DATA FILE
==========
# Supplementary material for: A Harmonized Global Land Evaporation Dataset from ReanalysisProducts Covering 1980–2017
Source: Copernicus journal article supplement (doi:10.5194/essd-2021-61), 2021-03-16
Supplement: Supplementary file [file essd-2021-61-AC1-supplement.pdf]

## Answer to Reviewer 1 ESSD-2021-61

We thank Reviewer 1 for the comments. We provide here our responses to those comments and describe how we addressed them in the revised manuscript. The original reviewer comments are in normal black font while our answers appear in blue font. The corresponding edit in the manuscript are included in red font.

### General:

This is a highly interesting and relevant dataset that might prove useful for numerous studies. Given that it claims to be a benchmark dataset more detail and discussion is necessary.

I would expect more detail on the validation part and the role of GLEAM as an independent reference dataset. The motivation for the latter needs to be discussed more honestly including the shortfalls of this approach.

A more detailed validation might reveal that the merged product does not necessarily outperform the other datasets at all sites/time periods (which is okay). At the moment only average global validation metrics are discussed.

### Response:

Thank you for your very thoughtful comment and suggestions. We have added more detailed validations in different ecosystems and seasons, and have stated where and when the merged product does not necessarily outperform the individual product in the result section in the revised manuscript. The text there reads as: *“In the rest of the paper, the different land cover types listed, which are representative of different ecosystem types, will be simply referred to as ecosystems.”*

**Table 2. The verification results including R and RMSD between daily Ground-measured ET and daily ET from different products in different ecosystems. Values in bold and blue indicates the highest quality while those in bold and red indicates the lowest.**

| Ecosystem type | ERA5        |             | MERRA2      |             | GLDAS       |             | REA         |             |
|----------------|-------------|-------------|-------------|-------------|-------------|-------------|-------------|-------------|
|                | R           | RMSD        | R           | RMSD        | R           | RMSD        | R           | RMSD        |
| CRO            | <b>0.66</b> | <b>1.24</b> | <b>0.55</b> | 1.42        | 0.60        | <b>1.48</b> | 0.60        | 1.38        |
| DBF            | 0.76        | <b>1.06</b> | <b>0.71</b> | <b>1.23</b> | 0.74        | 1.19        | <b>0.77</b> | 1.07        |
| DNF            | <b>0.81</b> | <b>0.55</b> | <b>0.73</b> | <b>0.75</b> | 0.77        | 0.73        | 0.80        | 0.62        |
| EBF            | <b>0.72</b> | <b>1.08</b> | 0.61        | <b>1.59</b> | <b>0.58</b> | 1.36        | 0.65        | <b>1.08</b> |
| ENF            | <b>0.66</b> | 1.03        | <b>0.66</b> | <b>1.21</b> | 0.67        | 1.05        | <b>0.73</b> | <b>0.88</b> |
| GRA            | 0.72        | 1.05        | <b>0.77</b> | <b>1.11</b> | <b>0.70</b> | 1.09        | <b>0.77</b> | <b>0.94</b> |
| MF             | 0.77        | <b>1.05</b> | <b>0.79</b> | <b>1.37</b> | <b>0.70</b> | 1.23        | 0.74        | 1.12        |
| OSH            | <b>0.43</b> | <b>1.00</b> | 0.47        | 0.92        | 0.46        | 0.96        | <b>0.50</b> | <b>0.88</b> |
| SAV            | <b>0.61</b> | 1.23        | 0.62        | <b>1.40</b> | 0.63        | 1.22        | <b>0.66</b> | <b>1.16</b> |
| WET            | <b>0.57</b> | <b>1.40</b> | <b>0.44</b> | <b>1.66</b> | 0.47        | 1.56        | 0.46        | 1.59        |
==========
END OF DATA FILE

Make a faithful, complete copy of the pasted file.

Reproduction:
# Supplementary material for: A Harmonized Global Land Evaporation Dataset from ReanalysisProducts Covering 1980–2017
Source: Copernicus journal article supplement (doi:10.5194/essd-2021-61), 2021-03-16
Supplement: Supplementary file [file essd-2021-61-AC1-supplement.pdf]

## Answer to Reviewer 1 ESSD-2021-61

We thank Reviewer 1 for the comments. We provide here our responses to those comments and describe how we addressed them in the revised manuscript. The original reviewer comments are in normal black font while our answers appear in blue font. The corresponding edit in the manuscript are included in red font.

### General:

This is a highly interesting and relevant dataset that might prove useful for numerous studies. Given that it claims to be a benchmark dataset more detail and discussion is necessary.

I would expect more detail on the validation part and the role of GLEAM as an independent reference dataset. The motivation for the latter needs to be discussed more honestly including the shortfalls of this approach.

A more detailed validation might reveal that the merged product does not necessarily outperform the other datasets at all sites/time periods (which is okay). At the moment only average global validation metrics are discussed.

### Response:

Thank you for your very thoughtful comment and suggestions. We have added more detailed validations in different ecosystems and seasons, and have stated where and when the merged product does not necessarily outperform the individual product in the result section in the revised manuscript. The text there reads as: *“In the rest of the paper, the different land cover types listed, which are representative of different ecosystem types, will be simply referred to as ecosystems.”*

**Table 2. The verification results including R and RMSD between daily Ground-measured ET and daily ET from different products in different ecosystems. Values in bold and blue indicates the highest quality while those in bold and red indicates the lowest.**

| Ecosystem type | ERA5        |             | MERRA2      |             | GLDAS       |             | REA         |             |
|----------------|-------------|-------------|-------------|-------------|-------------|-------------|-------------|-------------|
|                | R           | RMSD        | R           | RMSD        | R           | RMSD        | R           | RMSD        |
| CRO            | <b>0.66</b> | <b>1.24</b> | <b>0.55</b> | 1.42        | 0.60        | <b>1.48</b> | 0.60        | 1.38        |
| DBF            | 0.76        | <b>1.06</b> | <b>0.71</b> | <b>1.23</b> | 0.74        | 1.19        | <b>0.77</b> | 1.07        |
| DNF            | <b>0.81</b> | <b>0.55</b> | <b>0.73</b> | <b>0.75</b> | 0.77        | 0.73        | 0.80        | 0.62        |
| EBF            | <b>0.72</b> | <b>1.08</b> | 0.61        | <b>1.59</b> | <b>0.58</b> | 1.36        | 0.65        | <b>1.08</b> |
| ENF            | <b>0.66</b> | 1.03        | <b>0.66</b> | <b>1.21</b> | 0.67        | 1.05        | <b>0.73</b> | <b>0.88</b> |
| GRA            | 0.72        | 1.05        | <b>0.77</b> | <b>1.11</b> | <b>0.70</b> | 1.09        | <b>0.77</b> | <b>0.94</b> |
| MF             | 0.77        | <b>1.05</b> | <b>0.79</b> | <b>1.37</b> | <b>0.70</b> | 1.23        | 0.74        | 1.12        |
| OSH            | <b>0.43</b> | <b>1.00</b> | 0.47        | 0.92        | 0.46        | 0.96        | <b>0.50</b> | <b>0.88</b> |
| SAV            | <b>0.61</b> | 1.23        | 0.62        | <b>1.40</b> | 0.63        | 1.22        | <b>0.66</b> | <b>1.16</b> |
| WET            | <b>0.57</b> | <b>1.40</b> | <b>0.44</b> | <b>1.66</b> | 0.47        | 1.56        | 0.46        | 1.59        |